Nintendo’s first profit in four years points to a new IP lead approach.
It’s been a busy day for Nintendo. This morning we woke to the mouth-watering prospect that a Donkey Kong Country Mine cart ride could be a real thing. And this afternoon came the news that the company has made its first annual operating profit in four years.
Nintendo reported profits of ¥24.8bn (£136m) for the year to March, much higher than its own forecast of ¥20bn. Also noted was the success of several first party titles on the 3DS and Wii U. On Nintendo’s handheld Pokémon Ruby/Alpha and Super Smash Bros. sold 9.94 million units and 6.75 million units respectively. On Wii U, Mario Kart 8 led the way with 5.11 million copies sold.
However, despite these successes, games sales were down by almost 4% year on year. The main reason cited for the improved profit margin was ‘falling costs’ but it also feels that a significant strategic shift is also starting to pay off.
Nintendo has suffered lean times since the launch of the Wii U. As a result they have increasingly sought to improve their finances by focussing inward, increasing revenue by generating more cash from their devout fan base. They appear to have woken up to the fact that they are the ‘Disney of video games’ and are now operating more like an IP driven business, rather than a technology one. Although games remain Nintendo’s core product they are becoming part of a much larger offering.
We have seen this before, of course. Only a decade ago Marvel was a company wrestling with a dwindling audience but an enviable and underused IP roster. Their acquisition by Disney and subsequent movie and merchandise strategies has turned them into one of the biggest brands in entertainment. There is no reason why Nintendo can’t furrow a similar path.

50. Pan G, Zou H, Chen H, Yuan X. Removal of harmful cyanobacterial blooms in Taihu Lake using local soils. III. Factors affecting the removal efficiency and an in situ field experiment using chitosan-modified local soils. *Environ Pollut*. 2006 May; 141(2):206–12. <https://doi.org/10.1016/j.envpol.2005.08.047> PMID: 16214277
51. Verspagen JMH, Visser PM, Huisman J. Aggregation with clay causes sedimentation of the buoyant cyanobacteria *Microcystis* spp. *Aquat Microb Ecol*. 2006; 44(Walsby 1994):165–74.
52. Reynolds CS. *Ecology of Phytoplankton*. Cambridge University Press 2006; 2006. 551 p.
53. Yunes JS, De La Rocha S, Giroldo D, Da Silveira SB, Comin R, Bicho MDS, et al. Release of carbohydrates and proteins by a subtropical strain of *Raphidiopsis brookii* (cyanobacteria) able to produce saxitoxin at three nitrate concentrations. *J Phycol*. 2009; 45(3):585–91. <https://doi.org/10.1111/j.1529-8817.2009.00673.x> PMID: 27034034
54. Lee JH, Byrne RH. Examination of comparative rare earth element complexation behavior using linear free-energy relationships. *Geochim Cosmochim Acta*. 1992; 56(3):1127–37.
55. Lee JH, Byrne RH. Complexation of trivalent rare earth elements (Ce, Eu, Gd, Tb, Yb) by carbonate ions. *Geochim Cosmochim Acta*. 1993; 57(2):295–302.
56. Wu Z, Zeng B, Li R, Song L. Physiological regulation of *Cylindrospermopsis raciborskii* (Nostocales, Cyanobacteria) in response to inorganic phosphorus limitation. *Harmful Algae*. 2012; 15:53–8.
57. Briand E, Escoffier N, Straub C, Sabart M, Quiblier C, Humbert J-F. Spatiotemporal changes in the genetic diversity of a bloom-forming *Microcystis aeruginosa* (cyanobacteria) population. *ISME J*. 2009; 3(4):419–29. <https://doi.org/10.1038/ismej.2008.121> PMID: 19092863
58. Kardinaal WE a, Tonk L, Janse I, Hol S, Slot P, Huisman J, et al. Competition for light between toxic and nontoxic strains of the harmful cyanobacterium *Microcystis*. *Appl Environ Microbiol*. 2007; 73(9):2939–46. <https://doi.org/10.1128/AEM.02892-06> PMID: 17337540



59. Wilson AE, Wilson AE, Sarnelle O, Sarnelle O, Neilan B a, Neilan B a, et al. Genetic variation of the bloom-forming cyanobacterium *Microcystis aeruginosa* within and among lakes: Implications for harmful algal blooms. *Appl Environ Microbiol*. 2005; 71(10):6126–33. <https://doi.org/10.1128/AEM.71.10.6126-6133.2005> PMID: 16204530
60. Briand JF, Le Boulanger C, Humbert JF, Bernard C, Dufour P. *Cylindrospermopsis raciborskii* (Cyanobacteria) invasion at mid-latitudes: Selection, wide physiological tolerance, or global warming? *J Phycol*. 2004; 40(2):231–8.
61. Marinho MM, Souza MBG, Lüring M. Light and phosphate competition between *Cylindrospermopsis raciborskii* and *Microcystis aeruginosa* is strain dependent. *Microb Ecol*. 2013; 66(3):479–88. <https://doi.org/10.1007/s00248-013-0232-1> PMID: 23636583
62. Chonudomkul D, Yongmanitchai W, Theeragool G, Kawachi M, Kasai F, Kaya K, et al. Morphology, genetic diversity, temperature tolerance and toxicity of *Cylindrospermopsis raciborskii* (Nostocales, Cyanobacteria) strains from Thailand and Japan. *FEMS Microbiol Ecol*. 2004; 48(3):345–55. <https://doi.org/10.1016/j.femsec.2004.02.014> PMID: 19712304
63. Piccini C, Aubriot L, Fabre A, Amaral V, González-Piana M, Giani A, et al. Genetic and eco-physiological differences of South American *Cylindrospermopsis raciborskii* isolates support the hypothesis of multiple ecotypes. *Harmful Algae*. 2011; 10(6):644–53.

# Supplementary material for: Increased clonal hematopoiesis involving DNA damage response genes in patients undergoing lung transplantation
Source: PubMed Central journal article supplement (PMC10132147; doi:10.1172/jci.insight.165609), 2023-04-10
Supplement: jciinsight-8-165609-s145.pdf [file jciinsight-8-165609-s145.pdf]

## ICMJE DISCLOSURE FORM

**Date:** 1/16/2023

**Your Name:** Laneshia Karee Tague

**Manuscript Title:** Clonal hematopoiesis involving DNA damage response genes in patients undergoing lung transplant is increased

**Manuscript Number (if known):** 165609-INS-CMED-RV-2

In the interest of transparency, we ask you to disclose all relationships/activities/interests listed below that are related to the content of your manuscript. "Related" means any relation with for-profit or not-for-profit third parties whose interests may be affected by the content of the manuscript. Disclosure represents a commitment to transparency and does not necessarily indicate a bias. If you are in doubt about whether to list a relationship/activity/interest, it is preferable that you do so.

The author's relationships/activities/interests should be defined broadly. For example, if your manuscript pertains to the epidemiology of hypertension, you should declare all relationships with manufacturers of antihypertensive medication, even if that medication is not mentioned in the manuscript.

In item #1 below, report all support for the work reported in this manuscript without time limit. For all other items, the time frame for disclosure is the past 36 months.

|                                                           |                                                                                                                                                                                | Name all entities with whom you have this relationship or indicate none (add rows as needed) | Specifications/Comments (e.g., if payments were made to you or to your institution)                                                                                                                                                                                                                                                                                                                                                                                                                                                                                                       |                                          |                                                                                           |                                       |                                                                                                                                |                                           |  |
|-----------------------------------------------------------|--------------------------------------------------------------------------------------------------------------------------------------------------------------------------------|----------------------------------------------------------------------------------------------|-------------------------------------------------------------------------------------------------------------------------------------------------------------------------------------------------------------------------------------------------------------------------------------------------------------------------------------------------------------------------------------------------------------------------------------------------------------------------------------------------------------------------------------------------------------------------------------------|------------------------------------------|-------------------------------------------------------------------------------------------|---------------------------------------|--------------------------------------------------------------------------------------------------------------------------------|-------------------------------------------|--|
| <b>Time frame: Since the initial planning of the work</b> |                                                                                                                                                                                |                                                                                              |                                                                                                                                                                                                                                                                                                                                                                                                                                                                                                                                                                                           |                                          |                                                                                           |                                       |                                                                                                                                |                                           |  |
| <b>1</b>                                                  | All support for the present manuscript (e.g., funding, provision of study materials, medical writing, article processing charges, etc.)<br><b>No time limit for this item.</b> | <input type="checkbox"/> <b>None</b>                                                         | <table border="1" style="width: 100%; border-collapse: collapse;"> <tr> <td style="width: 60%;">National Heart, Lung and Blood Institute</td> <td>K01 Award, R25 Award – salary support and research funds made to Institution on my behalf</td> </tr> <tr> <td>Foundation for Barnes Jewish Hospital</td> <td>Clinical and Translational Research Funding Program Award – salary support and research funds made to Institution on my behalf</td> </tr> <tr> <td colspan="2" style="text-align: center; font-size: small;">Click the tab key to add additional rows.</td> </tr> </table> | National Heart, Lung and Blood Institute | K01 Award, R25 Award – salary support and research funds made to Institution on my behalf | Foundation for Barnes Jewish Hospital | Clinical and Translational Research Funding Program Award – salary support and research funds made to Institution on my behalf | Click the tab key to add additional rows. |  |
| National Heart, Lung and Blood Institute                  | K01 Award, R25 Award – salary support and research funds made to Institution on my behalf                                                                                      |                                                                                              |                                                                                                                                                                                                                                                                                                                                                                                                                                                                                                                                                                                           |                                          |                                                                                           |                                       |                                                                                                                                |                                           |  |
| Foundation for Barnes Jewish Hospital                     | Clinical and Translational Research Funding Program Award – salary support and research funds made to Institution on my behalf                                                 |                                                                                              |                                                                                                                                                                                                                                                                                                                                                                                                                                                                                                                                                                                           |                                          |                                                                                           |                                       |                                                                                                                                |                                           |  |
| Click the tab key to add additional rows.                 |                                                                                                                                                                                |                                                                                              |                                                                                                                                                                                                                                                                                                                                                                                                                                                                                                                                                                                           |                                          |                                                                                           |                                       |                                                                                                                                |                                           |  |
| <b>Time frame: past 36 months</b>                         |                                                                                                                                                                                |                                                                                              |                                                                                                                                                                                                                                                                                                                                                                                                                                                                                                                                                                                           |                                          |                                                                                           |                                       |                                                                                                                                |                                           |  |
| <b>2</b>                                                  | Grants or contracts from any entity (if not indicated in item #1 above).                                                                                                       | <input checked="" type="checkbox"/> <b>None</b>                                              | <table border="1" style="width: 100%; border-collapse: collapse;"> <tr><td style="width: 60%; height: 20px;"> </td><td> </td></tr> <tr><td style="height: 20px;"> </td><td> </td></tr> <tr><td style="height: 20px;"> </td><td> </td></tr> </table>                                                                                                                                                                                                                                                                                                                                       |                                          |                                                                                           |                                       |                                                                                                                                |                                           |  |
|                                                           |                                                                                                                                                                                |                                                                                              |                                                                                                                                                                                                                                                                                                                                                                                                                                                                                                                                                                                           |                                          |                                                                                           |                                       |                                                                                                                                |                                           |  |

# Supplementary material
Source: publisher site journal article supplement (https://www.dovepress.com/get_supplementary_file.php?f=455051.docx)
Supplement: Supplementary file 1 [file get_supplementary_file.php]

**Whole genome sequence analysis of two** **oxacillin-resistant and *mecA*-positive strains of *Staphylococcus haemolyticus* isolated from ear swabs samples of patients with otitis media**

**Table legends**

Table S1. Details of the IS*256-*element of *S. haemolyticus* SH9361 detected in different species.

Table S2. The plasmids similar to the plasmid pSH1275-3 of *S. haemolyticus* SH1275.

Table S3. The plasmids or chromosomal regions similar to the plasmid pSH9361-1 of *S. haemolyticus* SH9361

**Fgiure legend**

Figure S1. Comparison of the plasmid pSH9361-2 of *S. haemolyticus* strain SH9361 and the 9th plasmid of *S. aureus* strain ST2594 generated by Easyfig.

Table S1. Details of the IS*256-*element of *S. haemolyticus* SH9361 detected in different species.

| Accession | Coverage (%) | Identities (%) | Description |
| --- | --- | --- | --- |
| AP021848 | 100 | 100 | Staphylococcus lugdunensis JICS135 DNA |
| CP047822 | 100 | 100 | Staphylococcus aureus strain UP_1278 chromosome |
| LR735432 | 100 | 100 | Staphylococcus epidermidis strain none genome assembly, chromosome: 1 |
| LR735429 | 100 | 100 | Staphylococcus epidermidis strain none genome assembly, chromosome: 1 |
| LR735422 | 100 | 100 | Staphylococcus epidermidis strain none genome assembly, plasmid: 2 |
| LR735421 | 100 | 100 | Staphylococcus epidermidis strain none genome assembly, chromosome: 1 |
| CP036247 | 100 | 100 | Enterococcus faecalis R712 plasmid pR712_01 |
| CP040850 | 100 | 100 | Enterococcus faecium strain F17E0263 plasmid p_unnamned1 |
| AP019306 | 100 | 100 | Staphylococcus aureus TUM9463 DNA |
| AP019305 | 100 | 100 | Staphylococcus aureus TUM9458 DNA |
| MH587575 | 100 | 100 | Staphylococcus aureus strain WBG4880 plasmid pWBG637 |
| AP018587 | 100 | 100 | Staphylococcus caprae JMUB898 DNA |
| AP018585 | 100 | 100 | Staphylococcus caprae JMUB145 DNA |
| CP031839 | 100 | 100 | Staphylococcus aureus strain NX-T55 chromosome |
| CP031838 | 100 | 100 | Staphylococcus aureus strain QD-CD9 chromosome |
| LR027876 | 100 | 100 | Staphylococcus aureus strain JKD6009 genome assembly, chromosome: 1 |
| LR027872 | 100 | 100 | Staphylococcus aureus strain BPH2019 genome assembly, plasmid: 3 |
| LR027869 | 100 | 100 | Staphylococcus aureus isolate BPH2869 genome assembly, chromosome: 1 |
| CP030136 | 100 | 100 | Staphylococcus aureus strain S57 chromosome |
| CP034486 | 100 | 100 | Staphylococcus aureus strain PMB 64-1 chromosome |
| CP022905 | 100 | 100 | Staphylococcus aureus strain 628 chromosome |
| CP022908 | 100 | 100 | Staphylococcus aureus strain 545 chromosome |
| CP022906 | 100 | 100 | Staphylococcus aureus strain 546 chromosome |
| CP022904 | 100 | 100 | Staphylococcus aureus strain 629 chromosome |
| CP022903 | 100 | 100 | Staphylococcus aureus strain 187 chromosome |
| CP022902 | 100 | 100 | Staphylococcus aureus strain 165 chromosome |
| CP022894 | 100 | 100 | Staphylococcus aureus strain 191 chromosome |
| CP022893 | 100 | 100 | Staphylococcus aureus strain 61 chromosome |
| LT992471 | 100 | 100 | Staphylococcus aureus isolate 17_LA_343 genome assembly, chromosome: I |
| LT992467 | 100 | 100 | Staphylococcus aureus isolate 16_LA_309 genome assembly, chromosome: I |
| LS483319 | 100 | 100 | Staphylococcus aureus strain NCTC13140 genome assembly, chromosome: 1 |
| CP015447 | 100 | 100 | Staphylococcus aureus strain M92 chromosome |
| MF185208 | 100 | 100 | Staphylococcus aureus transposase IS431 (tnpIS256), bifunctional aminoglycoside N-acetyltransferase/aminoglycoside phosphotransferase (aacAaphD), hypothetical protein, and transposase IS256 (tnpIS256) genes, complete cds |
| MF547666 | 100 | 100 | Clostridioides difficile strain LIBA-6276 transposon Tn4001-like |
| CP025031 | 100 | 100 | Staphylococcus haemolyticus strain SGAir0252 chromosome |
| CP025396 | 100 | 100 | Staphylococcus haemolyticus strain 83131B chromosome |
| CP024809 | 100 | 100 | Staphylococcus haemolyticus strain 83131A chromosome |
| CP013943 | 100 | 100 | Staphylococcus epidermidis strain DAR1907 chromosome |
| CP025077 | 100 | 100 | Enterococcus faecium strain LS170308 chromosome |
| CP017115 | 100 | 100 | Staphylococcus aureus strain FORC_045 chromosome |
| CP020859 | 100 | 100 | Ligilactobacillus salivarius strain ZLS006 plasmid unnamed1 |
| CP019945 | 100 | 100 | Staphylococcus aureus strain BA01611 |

It’s a far cry from Blue Ocean days of the Wii and NDS, but it’s also a strategy that has seen Amiibo figures fly off the shelves, an impending move into mobile, rumours of movie and TV deals, and the partnership with Universal Theme Parks.
Admittedly this approach is not without risk. It will be of paramount importance that Nintendo’s games continue to be of a high standard. As long as this remains the case there will be few who will take issue with any ancillary activities that increase the reach of the their brand.
Having been in the doldrums for so long it feels like Nintendo could be on the verge of something big. Although the transition will not be without growing pains – Hello, Amiibo supply chain – it is at least a determined course of action. As game developers Nintendo are at a creative high, but they are faced with fewer and fewer people experiencing their games. The shift into an entertainment company will support Nintendo’s creative endeavours and also distinguish them from their traditional home console competitors. This change will mean that Nintendo is no longer a just a games company, but a company that makes toys, movies and other experiences based on its franchises.
It could also mean that Nintendo is a company that is relevant once again.